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LED "Vacuum" Tubes
I have found mercury tubes in various vintage shops. They are very interesting in their size, shape and design and can be tempting to the unexpecting artist. In regard to Barium, it is found in abundance in nature however it can be harmful to humans depending on the exposure they may have. People with the greatest risk to barium exposure with additional health effects are those that work with barium. Most of the health risks that they can undergo are caused by breathing in air that contains barium sulphate or barium carbonate.Many hazardous waste sites contain certain amounts of barium. People that live near them may be exposed to harmful levels. The exposure will than be caused by breathing dust, eating soil or plants, or drinking water that is polluted with barium. Skin contact may also occur.The health effects of barium depend upon the water-solubility of the compounds. Barium compounds that dissolve in water can be harmful to human health. The uptake of continuous amounts of barium that is water-soluble may cause paralyses and in some cases even death.Small amounts of water-soluble barium may cause a person to experience breathing difficulties, increased blood pressures, heart rhythm changes, stomach irritation, muscle weakness, changes in nerve reflexes, swelling of brains and liver, kidney and heart damage.I don't mean to sound so paranoid but the chemicals used in these devices were never intended to be accessible to humans when they were maid back in the early half of 20th century. I am curious what people are using to power the LEDs. There is a whole other list of dangers when using Lithium cell batteries.
Yes....it is a nice thing to insert led lights in a tube, but of course care in handling...as Jim says some of them have inside quite dangerous elements (metals)
Yep. I found one of my old 12ax7 tubes and a socket for it, as well as an amber 3mm LED, a handful of resistors, some vodka, and an old phone charger. The socket had a pin in the center, but was easy to pull out. Looks amazing lit from the hole in the socket. The vodka was delicious. Now I'm thinking of trying some green, red, or blue LEDs just for grins. I'm going to need more vodka. - MartyK1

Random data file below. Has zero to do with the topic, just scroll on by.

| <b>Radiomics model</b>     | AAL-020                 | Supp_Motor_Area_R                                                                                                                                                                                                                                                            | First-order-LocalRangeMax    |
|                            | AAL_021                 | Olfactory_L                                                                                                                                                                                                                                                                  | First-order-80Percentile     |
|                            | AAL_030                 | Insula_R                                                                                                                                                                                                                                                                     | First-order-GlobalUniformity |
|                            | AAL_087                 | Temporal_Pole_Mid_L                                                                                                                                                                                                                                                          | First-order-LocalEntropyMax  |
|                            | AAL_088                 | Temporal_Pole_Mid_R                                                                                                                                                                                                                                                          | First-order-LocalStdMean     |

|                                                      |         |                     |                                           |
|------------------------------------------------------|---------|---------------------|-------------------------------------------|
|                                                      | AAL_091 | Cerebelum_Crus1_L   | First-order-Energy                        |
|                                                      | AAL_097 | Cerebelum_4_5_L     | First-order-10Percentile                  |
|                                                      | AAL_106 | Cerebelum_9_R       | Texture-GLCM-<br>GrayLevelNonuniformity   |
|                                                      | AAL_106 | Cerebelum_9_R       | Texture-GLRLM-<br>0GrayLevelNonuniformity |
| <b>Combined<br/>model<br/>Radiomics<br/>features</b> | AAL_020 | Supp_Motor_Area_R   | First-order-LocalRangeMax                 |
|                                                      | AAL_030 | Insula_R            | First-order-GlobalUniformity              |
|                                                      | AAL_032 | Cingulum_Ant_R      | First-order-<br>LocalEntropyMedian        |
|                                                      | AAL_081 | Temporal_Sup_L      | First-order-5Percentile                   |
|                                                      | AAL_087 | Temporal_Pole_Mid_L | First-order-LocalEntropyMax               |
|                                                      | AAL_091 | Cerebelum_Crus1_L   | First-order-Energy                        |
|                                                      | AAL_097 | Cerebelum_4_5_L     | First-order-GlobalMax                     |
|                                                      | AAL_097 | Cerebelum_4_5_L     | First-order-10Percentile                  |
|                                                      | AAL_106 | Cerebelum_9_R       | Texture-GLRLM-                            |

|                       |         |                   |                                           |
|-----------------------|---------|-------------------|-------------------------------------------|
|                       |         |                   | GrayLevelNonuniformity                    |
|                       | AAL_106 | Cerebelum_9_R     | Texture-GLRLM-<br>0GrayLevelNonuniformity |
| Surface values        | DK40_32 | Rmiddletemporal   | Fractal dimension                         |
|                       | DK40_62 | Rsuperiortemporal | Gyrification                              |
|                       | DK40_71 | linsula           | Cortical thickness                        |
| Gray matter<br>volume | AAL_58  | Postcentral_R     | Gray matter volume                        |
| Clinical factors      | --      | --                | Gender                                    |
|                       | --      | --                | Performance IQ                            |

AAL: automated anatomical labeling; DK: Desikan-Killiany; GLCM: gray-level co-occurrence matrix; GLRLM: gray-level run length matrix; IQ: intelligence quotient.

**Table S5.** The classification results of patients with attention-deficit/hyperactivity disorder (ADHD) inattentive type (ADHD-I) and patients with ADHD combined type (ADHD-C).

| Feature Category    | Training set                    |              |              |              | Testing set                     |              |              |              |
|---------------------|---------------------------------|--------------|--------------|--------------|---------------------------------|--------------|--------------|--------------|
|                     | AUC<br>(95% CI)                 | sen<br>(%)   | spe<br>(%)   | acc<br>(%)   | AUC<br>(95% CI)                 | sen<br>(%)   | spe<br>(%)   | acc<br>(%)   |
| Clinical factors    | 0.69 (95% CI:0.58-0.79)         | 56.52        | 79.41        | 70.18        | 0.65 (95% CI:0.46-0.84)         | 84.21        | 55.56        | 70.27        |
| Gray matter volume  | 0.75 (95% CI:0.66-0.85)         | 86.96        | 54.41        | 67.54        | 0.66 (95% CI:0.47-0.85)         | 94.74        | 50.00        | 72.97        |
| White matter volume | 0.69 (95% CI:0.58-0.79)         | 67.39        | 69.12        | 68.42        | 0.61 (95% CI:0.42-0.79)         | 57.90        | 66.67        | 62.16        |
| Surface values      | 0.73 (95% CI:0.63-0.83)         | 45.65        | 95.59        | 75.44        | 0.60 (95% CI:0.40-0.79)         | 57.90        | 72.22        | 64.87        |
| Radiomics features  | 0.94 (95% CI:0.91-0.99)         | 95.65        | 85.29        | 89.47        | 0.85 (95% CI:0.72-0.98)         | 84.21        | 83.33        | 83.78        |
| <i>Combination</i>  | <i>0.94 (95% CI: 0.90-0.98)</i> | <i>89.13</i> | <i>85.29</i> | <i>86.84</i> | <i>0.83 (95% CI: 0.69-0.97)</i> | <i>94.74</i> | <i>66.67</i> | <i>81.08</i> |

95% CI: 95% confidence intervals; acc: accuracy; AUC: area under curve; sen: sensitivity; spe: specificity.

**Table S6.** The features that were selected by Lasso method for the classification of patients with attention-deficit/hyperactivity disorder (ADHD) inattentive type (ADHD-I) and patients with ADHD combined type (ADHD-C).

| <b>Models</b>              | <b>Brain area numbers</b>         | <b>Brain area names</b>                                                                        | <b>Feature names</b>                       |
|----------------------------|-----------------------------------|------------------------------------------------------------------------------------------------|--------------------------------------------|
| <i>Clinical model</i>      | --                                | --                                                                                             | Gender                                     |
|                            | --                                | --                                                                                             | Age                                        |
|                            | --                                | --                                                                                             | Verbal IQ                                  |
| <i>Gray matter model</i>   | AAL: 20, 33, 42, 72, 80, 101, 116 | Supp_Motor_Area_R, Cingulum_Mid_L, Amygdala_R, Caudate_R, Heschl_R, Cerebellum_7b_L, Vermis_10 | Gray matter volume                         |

Hi, You don't even have to drill the tube, just use a small SMD led with a couple of very thin wires and then just glue the led to the bottom of the tube, you can get a really amazing look without ruining everything, in fact, you can still use the tube because everything is so small there is no problem. Of course it has to deall with the heat. Most tube sockets have a hole in the center anyway. You just insert a 3mm orange or amber led on there and away you go. In fact this is what I did with my hybrid tube headphone amp. It looks amazing at night. I can send you a picture if you want. Cheers :) - dragontirex
Small receiving tubes use barium getters, which result in that silvery stuff in the top of the tube that turns white when it goes to air. Not toxic, but don't eat it. Mercury tubes are industrial types, pretty rare. I had some ignitrons that contained pounds of mercury. Fluorescent lamp tubes contain small amounts. - jimvandamme
Nice well presented instructable but please don't destroy working tubes (but if you are make it the cheap old Russian tubes because there are literally warehouses full of them). - Hugh2001
BTTF Time Clock
Thank you. I love your project.
The glass used for test tubes (pyrex) is a lot harder than the one used for bottles, they are made to endure more stress and heat so you won't be able to use the same procedures than with bottles. You'll probably need a glass cutter with an adapter for tubes. - SentencedToLive
Method #2 is even more enjoyable! Voted. - chefspenser
great, thank you.
Jim, Great, thank you.Jim
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